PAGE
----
Extracts from the book "Yeomen of the Cotswolds" by Eleanor Porter and Mary Abbott.
Thomas West Porter had a happy home-going into the presence of Christ. Attending a Bible reading at Stow-on-the-Wold he sang, "O Lord of Thee we ne'er would tire" (no. 186 in the 1903 rendering of the Little Flock hymn book) and passed into the presence of his Lord and Master. The middle verse of that hymn expressed in a beautiful way what was Mr. Porter's experience, "To shed no tears, to feel no pain, but see Thee face to face"
Who was T.W. Porter? He was a yeoman farmer who farmed in Oxfordshire when he took up the tenancy of Manor Farm in Holwell in 1870. As a farmer he experienced many 'ups and downs'. Long periods of extremely bad weather seriously affected his farming interests. That bad times did not affect his faith in God is seen in an entry in his diary. "Our God in His infinite wisdom and love is at this present time trying our faith severely by sending us continuous rain in the very midst of harvest, so that, although the corn is nearly all out, nothing can be put in the stack. We have tonight been comforted by the 4th. of Mark in which we see Jesus rebuking the winds as He sees fit. We do not ask that it shall be so unless it be His will, but we do ask that His grace may be bestowed upon us so that we may be kept from rebelling against His will and from harbouring suspicions of His faithfulness and love". After a year of great trial when he was forced to cry out "I know not what to do", he was able to bless the Lord and say, "But my eyes are upon Thee, O Lord"
One morning in the midst of hay-making, he wished for fine weather, but rain fell in torrents. In asking himself what could be done, the text from Prov. 3:5-6 came into his mind, "Trust in the Lord with all Thy heart; and lean not unto thine own understanding. In all thy ways acknowledge Him, and He shall direct thy paths". He prayed for strength to do so and to be kept from rebelling against the will of his loving Father.
Much of this devotion and faithfulness was the result of being brought up in a godly home where he was particularly close to his mother. After her burial he wrote, "She who tenderly nursed me in my infancy, watched and prayed over me in my youth, has ever been a most kind and indulgent mother. Truly the memory of the just is blessed".
Mr. Porter served as a church-warden and also taught in the Sunday School. Although he was on good terms with Daniel Goddard, the parson, he found little comfort or encouragement in his church. Between 1878 and 1884, Mr Porter was very concerned about his sins. A few deaths during that time affected him a great deal. Just before Christmas 1881, Mr. Porter became acquainted with Mr. Henry D'Arcy Champney who gathered with the 'Exclusive Brethren' and later with Mr. T.H. Reynolds (he wrote 4 hymns in his rendering of the Little Flock Hymn book in 1903) who was a good influence upon him. He read some of the Brethren literature and felt very much drawn towards them. In March 1884 he severed his connection with the Anglican Church and threw in his lot with the Brethren.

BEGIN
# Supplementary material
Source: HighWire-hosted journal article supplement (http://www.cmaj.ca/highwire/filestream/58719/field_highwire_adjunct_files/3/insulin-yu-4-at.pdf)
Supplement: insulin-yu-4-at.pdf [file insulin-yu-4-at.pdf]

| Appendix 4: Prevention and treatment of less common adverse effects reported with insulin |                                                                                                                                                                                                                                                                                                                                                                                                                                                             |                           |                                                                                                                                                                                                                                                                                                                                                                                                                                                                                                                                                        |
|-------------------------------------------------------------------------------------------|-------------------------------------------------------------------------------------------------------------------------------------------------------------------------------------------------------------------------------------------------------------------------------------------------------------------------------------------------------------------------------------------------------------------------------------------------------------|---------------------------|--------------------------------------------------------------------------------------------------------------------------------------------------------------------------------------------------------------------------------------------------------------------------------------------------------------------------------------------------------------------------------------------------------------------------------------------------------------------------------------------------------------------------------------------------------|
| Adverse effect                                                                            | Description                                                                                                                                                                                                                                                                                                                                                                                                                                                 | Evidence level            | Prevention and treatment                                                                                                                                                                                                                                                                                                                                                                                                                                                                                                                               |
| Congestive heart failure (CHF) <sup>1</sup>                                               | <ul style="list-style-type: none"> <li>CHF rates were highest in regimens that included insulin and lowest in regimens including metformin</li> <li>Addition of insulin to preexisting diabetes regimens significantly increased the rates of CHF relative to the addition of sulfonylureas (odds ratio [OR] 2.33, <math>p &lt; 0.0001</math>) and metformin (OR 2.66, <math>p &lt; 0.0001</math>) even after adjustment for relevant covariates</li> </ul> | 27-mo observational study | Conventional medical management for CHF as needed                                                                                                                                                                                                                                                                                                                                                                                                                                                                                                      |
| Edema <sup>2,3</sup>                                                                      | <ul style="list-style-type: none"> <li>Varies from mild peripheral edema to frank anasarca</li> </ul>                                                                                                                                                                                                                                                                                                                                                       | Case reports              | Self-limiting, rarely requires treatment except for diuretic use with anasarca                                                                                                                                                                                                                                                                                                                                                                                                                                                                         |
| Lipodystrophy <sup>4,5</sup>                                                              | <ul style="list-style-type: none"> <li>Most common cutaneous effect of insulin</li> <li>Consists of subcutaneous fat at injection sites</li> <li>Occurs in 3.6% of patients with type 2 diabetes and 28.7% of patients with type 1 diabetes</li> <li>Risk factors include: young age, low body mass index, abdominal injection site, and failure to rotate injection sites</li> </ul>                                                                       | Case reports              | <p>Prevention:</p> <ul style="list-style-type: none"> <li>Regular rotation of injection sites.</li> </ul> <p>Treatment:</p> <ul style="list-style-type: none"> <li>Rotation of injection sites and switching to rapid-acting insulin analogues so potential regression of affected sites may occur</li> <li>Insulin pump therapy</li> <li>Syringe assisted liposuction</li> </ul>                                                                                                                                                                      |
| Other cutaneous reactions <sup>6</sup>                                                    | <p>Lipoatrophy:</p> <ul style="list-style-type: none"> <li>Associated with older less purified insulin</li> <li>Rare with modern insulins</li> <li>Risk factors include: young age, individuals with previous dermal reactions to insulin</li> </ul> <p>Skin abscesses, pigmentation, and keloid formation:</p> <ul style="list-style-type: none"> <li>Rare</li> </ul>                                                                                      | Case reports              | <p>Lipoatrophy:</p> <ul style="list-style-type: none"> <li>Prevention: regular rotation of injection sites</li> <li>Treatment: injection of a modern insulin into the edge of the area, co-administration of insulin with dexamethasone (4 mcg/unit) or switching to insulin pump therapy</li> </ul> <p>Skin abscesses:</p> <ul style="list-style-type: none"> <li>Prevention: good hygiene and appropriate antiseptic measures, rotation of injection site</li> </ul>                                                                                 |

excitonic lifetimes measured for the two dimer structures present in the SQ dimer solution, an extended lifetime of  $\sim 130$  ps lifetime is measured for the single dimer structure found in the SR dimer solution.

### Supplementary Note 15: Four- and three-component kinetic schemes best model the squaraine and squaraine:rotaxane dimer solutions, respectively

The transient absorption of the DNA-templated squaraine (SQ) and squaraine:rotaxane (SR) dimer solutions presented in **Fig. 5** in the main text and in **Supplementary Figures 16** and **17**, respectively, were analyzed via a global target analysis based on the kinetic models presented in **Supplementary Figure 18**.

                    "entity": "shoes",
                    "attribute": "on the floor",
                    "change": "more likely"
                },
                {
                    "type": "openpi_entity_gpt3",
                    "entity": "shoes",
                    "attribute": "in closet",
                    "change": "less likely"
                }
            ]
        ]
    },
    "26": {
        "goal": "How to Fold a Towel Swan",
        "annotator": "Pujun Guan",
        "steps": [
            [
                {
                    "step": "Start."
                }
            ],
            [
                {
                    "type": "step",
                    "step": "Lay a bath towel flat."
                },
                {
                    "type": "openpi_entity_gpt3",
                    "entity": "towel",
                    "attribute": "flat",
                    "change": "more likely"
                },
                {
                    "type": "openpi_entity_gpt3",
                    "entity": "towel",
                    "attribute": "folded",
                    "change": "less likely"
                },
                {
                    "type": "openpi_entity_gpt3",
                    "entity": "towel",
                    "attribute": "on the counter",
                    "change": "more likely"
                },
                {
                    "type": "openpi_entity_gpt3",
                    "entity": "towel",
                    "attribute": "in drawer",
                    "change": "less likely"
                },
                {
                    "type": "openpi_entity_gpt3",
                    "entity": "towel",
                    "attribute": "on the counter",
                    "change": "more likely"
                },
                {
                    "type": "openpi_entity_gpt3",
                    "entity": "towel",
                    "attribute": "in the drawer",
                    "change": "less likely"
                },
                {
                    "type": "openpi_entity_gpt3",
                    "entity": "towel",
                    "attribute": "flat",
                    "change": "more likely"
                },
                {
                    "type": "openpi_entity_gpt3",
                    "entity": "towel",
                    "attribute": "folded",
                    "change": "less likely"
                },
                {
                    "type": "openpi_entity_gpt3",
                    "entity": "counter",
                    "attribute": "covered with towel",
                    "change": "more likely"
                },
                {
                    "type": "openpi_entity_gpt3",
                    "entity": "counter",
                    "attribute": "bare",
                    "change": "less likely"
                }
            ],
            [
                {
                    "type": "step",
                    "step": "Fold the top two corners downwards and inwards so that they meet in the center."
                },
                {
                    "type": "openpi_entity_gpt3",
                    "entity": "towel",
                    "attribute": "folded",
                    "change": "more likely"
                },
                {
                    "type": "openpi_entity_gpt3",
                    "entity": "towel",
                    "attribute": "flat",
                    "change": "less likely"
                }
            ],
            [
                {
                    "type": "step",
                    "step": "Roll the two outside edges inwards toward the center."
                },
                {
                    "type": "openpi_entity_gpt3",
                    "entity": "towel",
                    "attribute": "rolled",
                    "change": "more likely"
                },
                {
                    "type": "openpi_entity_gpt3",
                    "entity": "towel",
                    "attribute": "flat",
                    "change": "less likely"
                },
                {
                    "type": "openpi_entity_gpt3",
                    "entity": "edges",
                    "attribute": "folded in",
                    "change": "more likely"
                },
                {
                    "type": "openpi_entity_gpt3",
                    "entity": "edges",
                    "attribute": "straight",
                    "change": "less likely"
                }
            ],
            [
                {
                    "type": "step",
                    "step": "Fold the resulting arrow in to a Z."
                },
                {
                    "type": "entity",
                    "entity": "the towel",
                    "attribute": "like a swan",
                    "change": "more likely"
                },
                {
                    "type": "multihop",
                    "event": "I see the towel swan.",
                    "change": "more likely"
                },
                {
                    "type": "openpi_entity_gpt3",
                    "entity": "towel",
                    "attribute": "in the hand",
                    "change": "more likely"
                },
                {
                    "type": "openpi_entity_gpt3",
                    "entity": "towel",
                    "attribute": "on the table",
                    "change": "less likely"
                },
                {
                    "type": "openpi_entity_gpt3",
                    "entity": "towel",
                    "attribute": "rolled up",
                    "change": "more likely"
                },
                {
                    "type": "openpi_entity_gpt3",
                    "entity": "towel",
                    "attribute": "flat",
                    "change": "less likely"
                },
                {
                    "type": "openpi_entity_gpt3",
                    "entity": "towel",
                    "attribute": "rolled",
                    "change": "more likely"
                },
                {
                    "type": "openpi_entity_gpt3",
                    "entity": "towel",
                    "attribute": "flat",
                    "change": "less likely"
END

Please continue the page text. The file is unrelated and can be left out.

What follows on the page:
At Manor Farm a wash-house was arranged for prayer meetings and preaching occasions. When the weather was very cold, a roaring fire was kindled, but sometimes it was too hot for the preacher. Eventually the kitchen in the farm-house took precedence over the wash house. The family dog, Bob, used to sit in the kitchen, but when he heard "hymn books and bibles" he got up and went out.
Mr. Porter was a man of the utmost integrity as the following incident reveals. He purchased a mare which proved to be almost useless. He was shocked by the deceit and falsehoods that were practised upon him by the owner of the mare and was tempted to exact revenge upon him. The Lord enabled him to overcome the temptation and to desire that the deceitful man should be led by the Lord to seek forgiveness. He was also tempted to sell the worthless animal and make it appear as if it were a good animal. He resisted this temptation and said, "How can I do this great wickedness against God. And now, Lord, I desire to cast this care upon Thee and look to Thee for future guidance in this matter, Amen".
Mr Porter suffered much bereavement: his wife died aged 41 years old, leaving seven children, the youngest of whom was only a few weeks old. This daughter died when she was only twelve and a son died at the age of sixteen, and added to this he had the burden of a Down's syndrome child. Most of his notebooks were used to write down his own thoughts but in one of his notebooks he copied out pieces by others, particularly J.N. Darby, but also J.G. Bellett and G.V. Wigram (whose poem written after the death of his daughter was included). Here is another (anonymous) piece he copied: "God's eye is more upon the glory than we think, in the discipline and training we go through here. He is training us for Himself, working in us moral fitness for the glory. We are thinking of the circumstances and even of present blessing from the discipline, but His eye is on the results up there".
Mr. Porter's hymns in 'Spiritual Songs' are; no. 182. "O Lord, how blest — as day by day We pass along our pilgrim way" and no. 225, "Oh scenes of heavenly joy! The Father's house above".
No. 182 is often used in the prayer meetings of the brethren and no. 225 expresses a yearning for the Father's house above.